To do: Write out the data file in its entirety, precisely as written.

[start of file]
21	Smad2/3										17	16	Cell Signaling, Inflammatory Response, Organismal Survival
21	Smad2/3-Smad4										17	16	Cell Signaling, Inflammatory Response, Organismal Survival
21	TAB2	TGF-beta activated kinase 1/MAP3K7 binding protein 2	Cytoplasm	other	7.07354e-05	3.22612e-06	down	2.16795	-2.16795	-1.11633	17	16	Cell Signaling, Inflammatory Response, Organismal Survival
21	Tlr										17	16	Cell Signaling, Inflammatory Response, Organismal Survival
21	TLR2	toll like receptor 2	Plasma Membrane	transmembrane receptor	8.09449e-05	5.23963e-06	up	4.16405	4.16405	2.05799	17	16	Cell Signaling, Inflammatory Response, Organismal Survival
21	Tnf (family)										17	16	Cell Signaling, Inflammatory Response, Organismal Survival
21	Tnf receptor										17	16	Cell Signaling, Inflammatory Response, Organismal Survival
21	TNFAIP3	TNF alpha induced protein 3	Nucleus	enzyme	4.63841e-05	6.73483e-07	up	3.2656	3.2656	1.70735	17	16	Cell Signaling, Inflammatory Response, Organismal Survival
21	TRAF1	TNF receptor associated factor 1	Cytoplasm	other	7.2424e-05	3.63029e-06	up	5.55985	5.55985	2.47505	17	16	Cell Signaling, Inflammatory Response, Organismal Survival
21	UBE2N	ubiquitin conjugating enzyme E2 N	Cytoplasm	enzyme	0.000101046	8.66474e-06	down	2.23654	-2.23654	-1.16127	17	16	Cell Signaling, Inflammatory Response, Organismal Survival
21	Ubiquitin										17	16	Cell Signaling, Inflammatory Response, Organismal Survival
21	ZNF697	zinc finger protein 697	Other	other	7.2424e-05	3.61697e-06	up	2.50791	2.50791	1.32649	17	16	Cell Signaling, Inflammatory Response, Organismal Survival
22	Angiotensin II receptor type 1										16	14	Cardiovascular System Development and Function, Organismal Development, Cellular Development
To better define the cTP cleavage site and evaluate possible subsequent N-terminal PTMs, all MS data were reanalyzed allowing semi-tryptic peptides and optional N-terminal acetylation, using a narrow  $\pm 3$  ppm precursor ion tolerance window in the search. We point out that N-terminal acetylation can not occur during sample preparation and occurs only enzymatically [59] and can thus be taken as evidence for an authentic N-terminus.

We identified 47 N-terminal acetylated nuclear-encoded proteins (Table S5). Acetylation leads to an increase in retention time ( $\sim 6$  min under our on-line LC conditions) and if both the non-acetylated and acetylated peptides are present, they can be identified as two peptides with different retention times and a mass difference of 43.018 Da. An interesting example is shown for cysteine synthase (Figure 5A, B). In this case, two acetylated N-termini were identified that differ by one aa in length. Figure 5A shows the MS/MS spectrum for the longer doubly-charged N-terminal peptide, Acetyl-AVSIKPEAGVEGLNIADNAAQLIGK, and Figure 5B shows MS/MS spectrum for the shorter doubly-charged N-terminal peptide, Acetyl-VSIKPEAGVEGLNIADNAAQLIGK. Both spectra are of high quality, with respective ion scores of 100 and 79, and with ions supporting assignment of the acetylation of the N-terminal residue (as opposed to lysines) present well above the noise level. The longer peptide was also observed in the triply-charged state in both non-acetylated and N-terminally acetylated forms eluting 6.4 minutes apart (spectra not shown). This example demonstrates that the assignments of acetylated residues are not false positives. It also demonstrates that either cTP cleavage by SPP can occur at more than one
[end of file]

21	Smad2/3										17	16	Cell Signaling, Inflammatory Response, Organismal Survival
21	Smad2/3-Smad4										17	16	Cell Signaling, Inflammatory Response, Organismal Survival
21	TAB2	TGF-beta activated kinase 1/MAP3K7 binding protein 2	Cytoplasm	other	7.07354e-05	3.22612e-06	down	2.16795	-2.16795	-1.11633	17	16	Cell Signaling, Inflammatory Response, Organismal Survival
21	Tlr										17	16	Cell Signaling, Inflammatory Response, Organismal Survival
21	TLR2	toll like receptor 2	Plasma Membrane	transmembrane receptor	8.09449e-05	5.23963e-06	up	4.16405	4.16405	2.05799	17	16	Cell Signaling, Inflammatory Response, Organismal Survival
21	Tnf (family)										17	16	Cell Signaling, Inflammatory Response, Organismal Survival
21	Tnf receptor										17	16	Cell Signaling, Inflammatory Response, Organismal Survival
21	TNFAIP3	TNF alpha induced protein 3	Nucleus	enzyme	4.63841e-05	6.73483e-07	up	3.2656	3.2656	1.70735	17	16	Cell Signaling, Inflammatory Response, Organismal Survival
21	TRAF1	TNF receptor associated factor 1	Cytoplasm	other	7.2424e-05	3.63029e-06	up	5.55985	5.55985	2.47505	17	16	Cell Signaling, Inflammatory Response, Organismal Survival
21	UBE2N	ubiquitin conjugating enzyme E2 N	Cytoplasm	enzyme	0.000101046	8.66474e-06	down	2.23654	-2.23654	-1.16127	17	16	Cell Signaling, Inflammatory Response, Organismal Survival
21	Ubiquitin										17	16	Cell Signaling, Inflammatory Response, Organismal Survival
21	ZNF697	zinc finger protein 697	Other	other	7.2424e-05	3.61697e-06	up	2.50791	2.50791	1.32649	17	16	Cell Signaling, Inflammatory Response, Organismal Survival
22	Angiotensin II receptor type 1										16	14	Cardiovascular System Development and Function, Organismal Development, Cellular Development
To better define the cTP cleavage site and evaluate possible subsequent N-terminal PTMs, all MS data were reanalyzed allowing semi-tryptic peptides and optional N-terminal acetylation, using a narrow  $\pm 3$  ppm precursor ion tolerance window in the search. We point out that N-terminal acetylation can not occur during sample preparation and occurs only enzymatically [59] and can thus be taken as evidence for an authentic N-terminus.

We identified 47 N-terminal acetylated nuclear-encoded proteins (Table S5). Acetylation leads to an increase in retention time ( $\sim 6$  min under our on-line LC conditions) and if both the non-acetylated and acetylated peptides are present, they can be identified as two peptides with different retention times and a mass difference of 43.018 Da. An interesting example is shown for cysteine synthase (Figure 5A, B). In this case, two acetylated N-termini were identified that differ by one aa in length. Figure 5A shows the MS/MS spectrum for the longer doubly-charged N-terminal peptide, Acetyl-AVSIKPEAGVEGLNIADNAAQLIGK, and Figure 5B shows MS/MS spectrum for the shorter doubly-charged N-terminal peptide, Acetyl-VSIKPEAGVEGLNIADNAAQLIGK. Both spectra are of high quality, with respective ion scores of 100 and 79, and with ions supporting assignment of the acetylation of the N-terminal residue (as opposed to lysines) present well above the noise level. The longer peptide was also observed in the triply-charged state in both non-acetylated and N-terminally acetylated forms eluting 6.4 minutes apart (spectra not shown). This example demonstrates that the assignments of acetylated residues are not false positives. It also demonstrates that either cTP cleavage by SPP can occur at more than one